SummaryBuilding on an introduction to statics, dynamics free-body diagrams, combustion and thermodynamics provided by the associated lesson, students design, construct and test their own rocket engines using sugar and potassium nitrate—an opportunity to apply their knowledge of stoichiometry. This activity helps students understand that the energy required to launch a rocket comes from the chemical energy stored in the rocket fuel. The performance of each engine is tested during a rocket launch, after which students determine the reasons for the success or failure of their rockets.
Engineers apply their understanding of science and math concepts to successfully design and launch rockets into space. Many factors figure into rocket design, including body shape, materials, weight, and fuel type and amount. Additionally, engineers are challenged to design a system based on theoretical measurements, test the design, analyze the test results and then modify the design until the system functions as intended. In this activity, students experience this process as they create and test their own rocket engines.
Students should be able to balance chemical equations using stoichiometry.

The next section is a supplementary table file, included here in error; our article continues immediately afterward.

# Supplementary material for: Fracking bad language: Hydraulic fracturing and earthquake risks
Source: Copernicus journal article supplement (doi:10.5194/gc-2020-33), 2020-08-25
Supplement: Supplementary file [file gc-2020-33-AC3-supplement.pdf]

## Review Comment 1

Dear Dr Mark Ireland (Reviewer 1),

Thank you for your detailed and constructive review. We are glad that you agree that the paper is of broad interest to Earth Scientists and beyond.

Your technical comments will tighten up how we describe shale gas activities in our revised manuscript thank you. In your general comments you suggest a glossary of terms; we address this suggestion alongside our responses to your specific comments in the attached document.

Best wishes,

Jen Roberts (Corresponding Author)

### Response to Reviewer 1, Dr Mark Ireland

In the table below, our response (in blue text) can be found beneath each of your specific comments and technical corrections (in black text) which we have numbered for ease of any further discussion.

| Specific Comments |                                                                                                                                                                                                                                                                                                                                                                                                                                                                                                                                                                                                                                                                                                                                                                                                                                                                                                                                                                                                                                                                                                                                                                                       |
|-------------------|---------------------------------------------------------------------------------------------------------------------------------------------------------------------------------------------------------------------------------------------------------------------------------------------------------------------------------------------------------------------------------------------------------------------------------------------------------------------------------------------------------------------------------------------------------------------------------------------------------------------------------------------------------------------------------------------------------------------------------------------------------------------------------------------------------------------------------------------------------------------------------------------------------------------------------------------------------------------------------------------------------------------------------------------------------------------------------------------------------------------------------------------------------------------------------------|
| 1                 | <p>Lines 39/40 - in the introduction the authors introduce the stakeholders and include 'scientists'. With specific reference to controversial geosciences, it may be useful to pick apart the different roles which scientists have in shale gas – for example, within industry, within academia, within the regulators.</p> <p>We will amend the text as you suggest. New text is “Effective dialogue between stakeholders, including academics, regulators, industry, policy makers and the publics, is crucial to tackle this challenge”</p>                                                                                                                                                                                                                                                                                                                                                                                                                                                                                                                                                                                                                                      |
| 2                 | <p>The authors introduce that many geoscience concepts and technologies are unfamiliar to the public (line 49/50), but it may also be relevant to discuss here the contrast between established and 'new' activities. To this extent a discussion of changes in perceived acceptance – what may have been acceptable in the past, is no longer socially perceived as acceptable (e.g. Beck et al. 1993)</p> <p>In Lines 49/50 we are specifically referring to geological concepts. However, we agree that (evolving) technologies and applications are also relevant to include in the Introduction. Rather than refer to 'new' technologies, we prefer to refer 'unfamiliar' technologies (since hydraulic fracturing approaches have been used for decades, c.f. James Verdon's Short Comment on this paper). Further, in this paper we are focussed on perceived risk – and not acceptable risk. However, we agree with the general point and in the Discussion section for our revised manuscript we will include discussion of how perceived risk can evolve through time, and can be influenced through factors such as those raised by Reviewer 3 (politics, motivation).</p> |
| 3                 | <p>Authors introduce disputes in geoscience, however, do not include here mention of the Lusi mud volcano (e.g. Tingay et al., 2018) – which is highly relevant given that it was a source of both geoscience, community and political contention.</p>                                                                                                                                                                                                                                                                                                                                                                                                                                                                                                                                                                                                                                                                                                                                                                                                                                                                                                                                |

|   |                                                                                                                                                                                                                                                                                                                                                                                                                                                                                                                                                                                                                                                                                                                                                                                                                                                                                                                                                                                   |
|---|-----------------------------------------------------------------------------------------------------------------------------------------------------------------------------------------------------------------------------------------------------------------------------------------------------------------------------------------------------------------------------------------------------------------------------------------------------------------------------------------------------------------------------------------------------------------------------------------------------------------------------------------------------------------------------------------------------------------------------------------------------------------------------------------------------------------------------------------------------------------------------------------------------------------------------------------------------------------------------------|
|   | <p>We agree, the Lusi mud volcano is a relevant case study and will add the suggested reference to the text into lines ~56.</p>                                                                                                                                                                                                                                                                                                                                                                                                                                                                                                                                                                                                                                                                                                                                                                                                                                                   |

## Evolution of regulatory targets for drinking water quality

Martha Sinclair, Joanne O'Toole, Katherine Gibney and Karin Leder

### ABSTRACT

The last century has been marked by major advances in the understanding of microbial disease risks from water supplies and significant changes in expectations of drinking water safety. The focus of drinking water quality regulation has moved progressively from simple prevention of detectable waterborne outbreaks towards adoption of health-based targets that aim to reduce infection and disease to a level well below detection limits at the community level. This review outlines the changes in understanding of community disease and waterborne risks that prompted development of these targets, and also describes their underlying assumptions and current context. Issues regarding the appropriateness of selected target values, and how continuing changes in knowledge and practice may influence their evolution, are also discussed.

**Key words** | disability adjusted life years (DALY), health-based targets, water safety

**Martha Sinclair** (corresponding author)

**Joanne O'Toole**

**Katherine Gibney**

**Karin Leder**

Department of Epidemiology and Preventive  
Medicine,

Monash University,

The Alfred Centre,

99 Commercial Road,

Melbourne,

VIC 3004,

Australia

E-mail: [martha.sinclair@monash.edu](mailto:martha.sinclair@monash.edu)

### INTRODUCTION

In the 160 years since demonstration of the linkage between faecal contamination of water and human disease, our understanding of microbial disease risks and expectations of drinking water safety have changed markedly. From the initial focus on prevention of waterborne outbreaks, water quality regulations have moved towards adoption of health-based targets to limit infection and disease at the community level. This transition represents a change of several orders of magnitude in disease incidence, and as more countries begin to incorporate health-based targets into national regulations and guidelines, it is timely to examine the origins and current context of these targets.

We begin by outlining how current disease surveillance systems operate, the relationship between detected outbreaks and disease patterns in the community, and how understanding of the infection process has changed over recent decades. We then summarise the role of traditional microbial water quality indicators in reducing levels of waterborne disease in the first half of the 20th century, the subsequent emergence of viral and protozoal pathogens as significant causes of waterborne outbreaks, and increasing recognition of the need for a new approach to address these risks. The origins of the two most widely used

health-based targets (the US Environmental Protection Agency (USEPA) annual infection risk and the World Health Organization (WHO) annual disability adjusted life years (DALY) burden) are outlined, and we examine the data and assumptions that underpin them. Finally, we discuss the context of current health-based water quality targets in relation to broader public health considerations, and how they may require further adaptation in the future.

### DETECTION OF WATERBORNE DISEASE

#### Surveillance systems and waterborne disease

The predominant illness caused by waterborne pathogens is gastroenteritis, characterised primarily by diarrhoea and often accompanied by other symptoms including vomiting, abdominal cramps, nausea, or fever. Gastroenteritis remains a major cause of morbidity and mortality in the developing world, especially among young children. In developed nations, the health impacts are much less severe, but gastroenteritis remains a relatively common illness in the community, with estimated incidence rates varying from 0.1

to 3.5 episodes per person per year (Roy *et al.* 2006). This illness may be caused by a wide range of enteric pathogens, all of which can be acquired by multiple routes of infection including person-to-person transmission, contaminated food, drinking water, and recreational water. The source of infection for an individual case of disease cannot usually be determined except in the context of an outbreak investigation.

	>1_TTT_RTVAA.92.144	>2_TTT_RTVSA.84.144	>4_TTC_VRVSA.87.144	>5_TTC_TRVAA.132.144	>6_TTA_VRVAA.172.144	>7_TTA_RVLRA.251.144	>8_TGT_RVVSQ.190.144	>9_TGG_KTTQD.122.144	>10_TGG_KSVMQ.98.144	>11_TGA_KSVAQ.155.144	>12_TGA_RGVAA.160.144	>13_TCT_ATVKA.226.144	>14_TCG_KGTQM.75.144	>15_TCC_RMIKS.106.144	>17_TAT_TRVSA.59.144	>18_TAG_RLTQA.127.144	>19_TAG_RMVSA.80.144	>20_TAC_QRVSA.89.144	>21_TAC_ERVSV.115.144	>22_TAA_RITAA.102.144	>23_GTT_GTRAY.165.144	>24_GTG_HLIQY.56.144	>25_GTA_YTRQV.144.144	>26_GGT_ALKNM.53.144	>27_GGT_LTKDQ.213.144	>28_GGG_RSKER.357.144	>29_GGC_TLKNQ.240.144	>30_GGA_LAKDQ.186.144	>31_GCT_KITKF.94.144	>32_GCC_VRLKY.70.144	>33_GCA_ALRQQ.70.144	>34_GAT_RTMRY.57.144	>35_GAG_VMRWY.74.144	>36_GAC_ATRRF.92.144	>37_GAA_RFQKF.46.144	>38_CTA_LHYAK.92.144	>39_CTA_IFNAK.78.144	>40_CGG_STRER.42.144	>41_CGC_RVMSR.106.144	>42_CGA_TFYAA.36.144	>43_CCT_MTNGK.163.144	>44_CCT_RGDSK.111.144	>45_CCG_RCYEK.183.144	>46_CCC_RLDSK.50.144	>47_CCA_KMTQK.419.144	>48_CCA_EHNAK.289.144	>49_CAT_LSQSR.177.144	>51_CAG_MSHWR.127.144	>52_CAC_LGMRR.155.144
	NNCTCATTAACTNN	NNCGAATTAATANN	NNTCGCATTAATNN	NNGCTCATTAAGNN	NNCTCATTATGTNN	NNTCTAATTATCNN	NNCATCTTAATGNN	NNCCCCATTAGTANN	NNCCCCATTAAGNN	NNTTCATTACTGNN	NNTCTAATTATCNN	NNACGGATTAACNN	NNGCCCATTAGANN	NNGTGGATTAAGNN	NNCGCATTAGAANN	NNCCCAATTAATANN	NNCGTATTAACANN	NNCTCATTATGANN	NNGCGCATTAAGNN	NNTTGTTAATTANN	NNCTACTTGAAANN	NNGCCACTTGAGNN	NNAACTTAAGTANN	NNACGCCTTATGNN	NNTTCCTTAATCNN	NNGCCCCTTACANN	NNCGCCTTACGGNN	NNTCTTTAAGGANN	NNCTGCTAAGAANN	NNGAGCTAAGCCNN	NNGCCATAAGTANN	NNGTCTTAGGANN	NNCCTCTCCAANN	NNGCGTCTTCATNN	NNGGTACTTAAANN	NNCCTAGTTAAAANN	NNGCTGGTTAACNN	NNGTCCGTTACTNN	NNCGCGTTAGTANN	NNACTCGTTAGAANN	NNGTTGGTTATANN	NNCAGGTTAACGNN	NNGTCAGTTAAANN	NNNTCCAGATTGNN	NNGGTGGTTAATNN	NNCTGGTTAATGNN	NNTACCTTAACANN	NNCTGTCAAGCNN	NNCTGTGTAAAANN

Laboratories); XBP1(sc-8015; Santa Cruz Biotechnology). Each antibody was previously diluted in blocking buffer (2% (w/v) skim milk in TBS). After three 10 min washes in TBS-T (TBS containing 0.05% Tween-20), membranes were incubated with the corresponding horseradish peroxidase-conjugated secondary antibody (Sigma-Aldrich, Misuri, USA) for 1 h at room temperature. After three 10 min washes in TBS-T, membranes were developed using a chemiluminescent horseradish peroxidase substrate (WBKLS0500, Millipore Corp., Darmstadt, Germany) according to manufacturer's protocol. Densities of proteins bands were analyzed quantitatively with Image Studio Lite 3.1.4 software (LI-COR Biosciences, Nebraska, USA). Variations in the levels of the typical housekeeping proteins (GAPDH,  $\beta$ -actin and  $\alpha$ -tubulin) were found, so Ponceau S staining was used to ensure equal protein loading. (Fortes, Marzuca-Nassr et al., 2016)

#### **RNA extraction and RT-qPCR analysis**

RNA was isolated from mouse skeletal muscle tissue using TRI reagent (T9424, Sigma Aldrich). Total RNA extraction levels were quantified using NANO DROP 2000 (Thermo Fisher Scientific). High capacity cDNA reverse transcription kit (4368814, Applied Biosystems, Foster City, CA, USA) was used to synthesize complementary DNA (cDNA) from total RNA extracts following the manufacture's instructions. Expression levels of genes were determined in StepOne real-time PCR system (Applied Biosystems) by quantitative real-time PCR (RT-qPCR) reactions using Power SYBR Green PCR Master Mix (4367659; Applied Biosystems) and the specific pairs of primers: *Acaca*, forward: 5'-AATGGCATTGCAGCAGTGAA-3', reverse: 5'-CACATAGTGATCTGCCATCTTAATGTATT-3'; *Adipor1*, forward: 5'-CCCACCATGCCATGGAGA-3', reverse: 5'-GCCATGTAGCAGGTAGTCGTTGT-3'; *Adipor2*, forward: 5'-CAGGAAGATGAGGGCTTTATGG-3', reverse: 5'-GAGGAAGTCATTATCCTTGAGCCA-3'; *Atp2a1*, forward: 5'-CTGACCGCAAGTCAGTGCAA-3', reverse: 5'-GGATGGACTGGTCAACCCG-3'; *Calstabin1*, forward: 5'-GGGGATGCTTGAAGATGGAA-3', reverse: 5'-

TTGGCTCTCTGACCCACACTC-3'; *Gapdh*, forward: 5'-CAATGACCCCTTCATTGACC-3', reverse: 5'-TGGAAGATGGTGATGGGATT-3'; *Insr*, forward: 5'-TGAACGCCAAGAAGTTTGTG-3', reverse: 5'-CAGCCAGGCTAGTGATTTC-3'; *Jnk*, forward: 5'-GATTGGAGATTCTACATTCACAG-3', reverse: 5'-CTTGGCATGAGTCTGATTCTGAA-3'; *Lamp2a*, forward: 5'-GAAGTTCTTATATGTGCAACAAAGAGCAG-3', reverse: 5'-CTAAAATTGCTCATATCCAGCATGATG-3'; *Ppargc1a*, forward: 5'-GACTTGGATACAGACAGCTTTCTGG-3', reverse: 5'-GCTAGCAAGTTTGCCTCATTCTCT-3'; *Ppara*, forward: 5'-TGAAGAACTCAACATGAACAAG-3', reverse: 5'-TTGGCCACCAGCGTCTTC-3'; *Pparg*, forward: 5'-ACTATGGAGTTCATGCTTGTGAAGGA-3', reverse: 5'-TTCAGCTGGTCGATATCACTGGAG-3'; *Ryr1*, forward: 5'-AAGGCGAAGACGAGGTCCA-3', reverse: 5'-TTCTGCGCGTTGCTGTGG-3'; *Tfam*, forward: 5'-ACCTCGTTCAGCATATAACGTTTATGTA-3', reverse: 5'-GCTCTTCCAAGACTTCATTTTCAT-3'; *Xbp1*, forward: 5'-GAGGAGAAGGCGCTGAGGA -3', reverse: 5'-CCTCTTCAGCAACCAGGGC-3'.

After this activity, students should be able to:
- Describe the steps of the engineering design process for creating any system or device.
- Build a rocket engine prototype.
- Determine the strengths and weaknesses of a design based on the success or failure of a rocket launch.
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Each TeachEngineering lesson or activity is correlated to one or more K-12 science,
technology, engineering or math (STEM) educational standards.
All 100,000+ K-12 STEM standards covered in TeachEngineering are collected, maintained and packaged by the Achievement Standards Network (ASN),
a project of D2L (www.achievementstandards.org).
In the ASN, standards are hierarchically structured: first by source; e.g., by state; within source by type; e.g., science or mathematics;